By now, the outrage has reached a boiling point, with protests, petitions and Facebook groups appearing because of the recent announcement that the Georgia State Archives will close on October 31. The 171,000-square-foot facility in Morrow--dedicated in 2005--will be open only by appointment, said Jared Thomas, press secretary for Secretary of State Brian Kemp.
"Thousands of Georgians use these sources for work on family history, genealogy and many other subjects," said Athens author Al Hester, a retired journalism professor. "This is the final blow, when a public agency completely shuts its doors to satisfiy a perverted concept of serving the public by not serving taxpayers at all."
The move is designed to save the department $732,626, said Thomas. The budgetary discretion is left up to Kemp, but . The elections division has to continue functioning, and so do the licensing and corporate offices.
According to a press release from Kemp's office, "the Governor’s Office of Planning and Budget has instructed the Office of the Secretary of State to further reduce its budget for AFY13 and FY14 by 3%. These cuts do not eliminate excess in the agency, but require the agency to further reduce services to the citizens of Georgia."
The past few years, the archives' hours of operation have been shrinking, from every week day and Saturday to three days a week. Last year, the facility was open only Friday and Saturday. Now, all hours of operation are gone, and with them, most of the archivists who have cared and catalogued the collection for years.
Remember the Vanishing Georgia project from the 1970s? It yielded more than 18,000 photos of the life, culture and history of the state. Some photos were included in a handsome book, entitled Vanishing Georgia. The project, which involved a mobile photographic lab driving around the state, was undertaken by the staff of the Georgia State Archives. The digital images are now stored at the University of Georgia.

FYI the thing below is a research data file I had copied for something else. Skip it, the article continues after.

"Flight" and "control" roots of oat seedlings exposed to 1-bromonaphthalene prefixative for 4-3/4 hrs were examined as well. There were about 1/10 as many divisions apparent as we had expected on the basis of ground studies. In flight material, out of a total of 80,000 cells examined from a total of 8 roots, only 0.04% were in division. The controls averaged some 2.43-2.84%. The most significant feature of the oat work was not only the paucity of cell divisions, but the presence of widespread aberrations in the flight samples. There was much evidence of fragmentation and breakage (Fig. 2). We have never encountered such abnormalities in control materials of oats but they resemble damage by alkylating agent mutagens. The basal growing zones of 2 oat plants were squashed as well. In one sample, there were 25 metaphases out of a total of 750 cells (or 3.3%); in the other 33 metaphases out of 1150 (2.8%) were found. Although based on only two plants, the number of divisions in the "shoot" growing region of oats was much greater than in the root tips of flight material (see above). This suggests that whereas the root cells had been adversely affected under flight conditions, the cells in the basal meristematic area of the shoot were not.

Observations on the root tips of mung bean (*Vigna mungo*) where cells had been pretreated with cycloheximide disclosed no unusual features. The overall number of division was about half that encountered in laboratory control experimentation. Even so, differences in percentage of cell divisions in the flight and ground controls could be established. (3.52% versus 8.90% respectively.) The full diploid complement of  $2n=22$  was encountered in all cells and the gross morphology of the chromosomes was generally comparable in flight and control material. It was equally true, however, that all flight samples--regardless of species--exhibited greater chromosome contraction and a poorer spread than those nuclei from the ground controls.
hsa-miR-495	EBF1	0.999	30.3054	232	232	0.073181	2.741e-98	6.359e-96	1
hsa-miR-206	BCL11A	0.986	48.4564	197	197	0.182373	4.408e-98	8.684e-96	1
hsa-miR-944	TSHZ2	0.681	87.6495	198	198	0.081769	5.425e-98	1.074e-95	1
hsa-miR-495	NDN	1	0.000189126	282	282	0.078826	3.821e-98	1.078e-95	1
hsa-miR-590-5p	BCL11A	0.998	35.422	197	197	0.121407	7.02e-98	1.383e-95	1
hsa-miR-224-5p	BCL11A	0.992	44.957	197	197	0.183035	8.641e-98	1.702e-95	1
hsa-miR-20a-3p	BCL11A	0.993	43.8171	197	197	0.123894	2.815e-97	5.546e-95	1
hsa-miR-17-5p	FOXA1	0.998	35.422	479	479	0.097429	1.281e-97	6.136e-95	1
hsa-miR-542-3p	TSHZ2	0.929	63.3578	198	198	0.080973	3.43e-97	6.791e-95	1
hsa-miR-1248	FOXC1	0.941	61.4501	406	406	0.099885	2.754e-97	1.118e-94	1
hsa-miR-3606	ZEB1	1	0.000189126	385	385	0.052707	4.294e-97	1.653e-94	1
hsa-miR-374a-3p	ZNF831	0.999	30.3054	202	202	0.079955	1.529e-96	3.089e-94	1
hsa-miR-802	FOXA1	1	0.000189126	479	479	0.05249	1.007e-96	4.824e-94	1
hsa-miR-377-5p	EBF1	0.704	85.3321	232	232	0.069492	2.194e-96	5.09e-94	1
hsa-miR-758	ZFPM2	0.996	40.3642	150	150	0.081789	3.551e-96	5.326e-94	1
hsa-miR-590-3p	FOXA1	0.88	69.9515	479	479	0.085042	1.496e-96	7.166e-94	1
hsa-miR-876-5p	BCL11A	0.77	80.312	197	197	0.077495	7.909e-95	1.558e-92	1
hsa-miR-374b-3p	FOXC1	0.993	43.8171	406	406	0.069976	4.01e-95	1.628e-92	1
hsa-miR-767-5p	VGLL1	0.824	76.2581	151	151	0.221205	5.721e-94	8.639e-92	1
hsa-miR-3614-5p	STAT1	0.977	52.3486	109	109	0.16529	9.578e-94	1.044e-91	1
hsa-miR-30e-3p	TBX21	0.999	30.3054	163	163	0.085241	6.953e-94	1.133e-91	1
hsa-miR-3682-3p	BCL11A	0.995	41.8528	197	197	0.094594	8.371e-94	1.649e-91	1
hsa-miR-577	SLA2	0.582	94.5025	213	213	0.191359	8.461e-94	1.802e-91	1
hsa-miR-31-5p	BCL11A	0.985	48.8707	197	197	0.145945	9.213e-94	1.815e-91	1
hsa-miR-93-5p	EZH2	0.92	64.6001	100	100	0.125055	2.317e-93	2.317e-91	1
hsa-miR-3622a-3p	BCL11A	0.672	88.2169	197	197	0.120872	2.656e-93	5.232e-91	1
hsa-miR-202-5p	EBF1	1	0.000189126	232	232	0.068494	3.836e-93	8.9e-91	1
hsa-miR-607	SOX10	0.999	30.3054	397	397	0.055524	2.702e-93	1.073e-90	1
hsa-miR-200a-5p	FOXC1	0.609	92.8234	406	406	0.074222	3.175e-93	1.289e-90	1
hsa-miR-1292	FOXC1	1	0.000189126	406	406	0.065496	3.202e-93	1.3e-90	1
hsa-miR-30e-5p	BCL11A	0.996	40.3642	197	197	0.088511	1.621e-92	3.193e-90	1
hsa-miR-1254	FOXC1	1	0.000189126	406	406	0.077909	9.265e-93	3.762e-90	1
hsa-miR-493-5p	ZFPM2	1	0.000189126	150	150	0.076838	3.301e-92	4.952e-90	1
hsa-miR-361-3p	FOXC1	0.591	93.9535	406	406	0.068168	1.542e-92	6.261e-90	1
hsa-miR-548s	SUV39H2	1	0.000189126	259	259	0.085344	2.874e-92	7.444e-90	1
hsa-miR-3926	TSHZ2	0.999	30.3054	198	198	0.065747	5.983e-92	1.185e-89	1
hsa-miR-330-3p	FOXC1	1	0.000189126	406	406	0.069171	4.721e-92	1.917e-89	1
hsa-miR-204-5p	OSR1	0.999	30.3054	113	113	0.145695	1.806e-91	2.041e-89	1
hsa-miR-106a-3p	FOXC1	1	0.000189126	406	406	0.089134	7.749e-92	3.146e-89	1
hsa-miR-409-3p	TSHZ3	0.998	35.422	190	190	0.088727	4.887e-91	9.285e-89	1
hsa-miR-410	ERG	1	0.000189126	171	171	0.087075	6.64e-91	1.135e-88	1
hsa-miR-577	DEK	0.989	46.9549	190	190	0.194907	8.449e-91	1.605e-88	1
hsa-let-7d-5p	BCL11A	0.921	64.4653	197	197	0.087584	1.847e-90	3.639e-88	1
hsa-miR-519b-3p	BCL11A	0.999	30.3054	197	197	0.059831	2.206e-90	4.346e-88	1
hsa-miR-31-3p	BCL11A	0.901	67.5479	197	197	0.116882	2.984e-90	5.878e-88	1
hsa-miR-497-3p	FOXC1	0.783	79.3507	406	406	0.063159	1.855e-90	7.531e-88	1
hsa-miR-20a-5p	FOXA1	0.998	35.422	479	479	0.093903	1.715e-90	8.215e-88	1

Some people have wondered about moving the State Archives to the new Richard B. Russell Building and Special Collections Libraries at UGA. The problem with that arrangement is that the new UGA building was constructed to last for the next 40 years. Bringing the archives to Athens would consume all the space set aside for anticipated future needs.
Kemp says he "will fight during this legislative session to have this cut restored so the people will have a place to meet, research, and review the historical records of Georgia."
More than 10,000 people have signed a petition supporting keeping the Archives open and accessible. Alabama, Mississippi and South Carolina all keep their archives open more days than Georgia, which will be the only state in the country with closed archives.
UGA History Professor and author Jim Cobb has written eloquently about the archives and what closing them means to the state:
Two years ago at this time, the Friends of Georgia Archives and History held their annual meeting under the pall cast on the proceedings by a recent announcement that the rich collections and resources of the Georgia State Archives would henceforth be available to individual researchers only on Thursdays, Fridays, and Saturdays.